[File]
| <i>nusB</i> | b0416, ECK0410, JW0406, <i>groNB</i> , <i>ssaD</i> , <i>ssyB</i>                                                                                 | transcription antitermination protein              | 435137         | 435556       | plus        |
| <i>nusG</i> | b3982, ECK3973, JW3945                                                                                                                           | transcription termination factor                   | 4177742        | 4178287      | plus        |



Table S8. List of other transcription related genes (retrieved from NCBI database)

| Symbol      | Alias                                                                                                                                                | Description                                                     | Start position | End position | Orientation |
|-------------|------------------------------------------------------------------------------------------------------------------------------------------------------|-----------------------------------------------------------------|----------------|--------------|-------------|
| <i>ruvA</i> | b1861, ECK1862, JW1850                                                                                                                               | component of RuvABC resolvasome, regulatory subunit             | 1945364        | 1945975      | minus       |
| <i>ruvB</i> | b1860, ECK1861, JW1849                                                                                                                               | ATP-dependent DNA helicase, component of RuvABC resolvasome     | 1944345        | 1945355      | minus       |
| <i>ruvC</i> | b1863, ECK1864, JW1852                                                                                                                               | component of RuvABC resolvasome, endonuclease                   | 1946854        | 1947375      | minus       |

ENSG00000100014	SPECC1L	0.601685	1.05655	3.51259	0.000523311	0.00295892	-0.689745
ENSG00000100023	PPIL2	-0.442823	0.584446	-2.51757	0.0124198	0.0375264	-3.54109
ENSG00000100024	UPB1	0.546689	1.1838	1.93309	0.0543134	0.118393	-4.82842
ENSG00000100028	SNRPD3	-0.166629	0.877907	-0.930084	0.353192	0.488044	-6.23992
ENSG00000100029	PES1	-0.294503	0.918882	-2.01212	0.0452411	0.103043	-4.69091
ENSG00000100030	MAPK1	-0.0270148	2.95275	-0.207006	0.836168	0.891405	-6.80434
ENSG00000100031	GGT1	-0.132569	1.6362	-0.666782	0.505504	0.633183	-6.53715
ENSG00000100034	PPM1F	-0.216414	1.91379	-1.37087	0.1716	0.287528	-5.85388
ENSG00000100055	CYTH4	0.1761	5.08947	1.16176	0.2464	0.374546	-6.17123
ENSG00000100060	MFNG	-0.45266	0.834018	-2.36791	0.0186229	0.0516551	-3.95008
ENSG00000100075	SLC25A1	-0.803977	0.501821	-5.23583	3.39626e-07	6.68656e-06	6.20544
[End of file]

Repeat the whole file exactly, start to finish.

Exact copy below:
| <i>nusB</i> | b0416, ECK0410, JW0406, <i>groNB</i> , <i>ssaD</i> , <i>ssyB</i>                                                                                 | transcription antitermination protein              | 435137         | 435556       | plus        |
| <i>nusG</i> | b3982, ECK3973, JW3945                                                                                                                           | transcription termination factor                   | 4177742        | 4178287      | plus        |



Table S8. List of other transcription related genes (retrieved from NCBI database)

| Symbol      | Alias                                                                                                                                                | Description                                                     | Start position | End position | Orientation |
|-------------|------------------------------------------------------------------------------------------------------------------------------------------------------|-----------------------------------------------------------------|----------------|--------------|-------------|
| <i>ruvA</i> | b1861, ECK1862, JW1850                                                                                                                               | component of RuvABC resolvasome, regulatory subunit             | 1945364        | 1945975      | minus       |
| <i>ruvB</i> | b1860, ECK1861, JW1849                                                                                                                               | ATP-dependent DNA helicase, component of RuvABC resolvasome     | 1944345        | 1945355      | minus       |
| <i>ruvC</i> | b1863, ECK1864, JW1852                                                                                                                               | component of RuvABC resolvasome, endonuclease                   | 1946854        | 1947375      | minus       |

ENSG00000100014	SPECC1L	0.601685	1.05655	3.51259	0.000523311	0.00295892	-0.689745
ENSG00000100023	PPIL2	-0.442823	0.584446	-2.51757	0.0124198	0.0375264	-3.54109
ENSG00000100024	UPB1	0.546689	1.1838	1.93309	0.0543134	0.118393	-4.82842
ENSG00000100028	SNRPD3	-0.166629	0.877907	-0.930084	0.353192	0.488044	-6.23992
ENSG00000100029	PES1	-0.294503	0.918882	-2.01212	0.0452411	0.103043	-4.69091
ENSG00000100030	MAPK1	-0.0270148	2.95275	-0.207006	0.836168	0.891405	-6.80434
ENSG00000100031	GGT1	-0.132569	1.6362	-0.666782	0.505504	0.633183	-6.53715
ENSG00000100034	PPM1F	-0.216414	1.91379	-1.37087	0.1716	0.287528	-5.85388
ENSG00000100055	CYTH4	0.1761	5.08947	1.16176	0.2464	0.374546	-6.17123
ENSG00000100060	MFNG	-0.45266	0.834018	-2.36791	0.0186229	0.0516551	-3.95008
ENSG00000100075	SLC25A1	-0.803977	0.501821	-5.23583	3.39626e-07	6.68656e-06	6.20544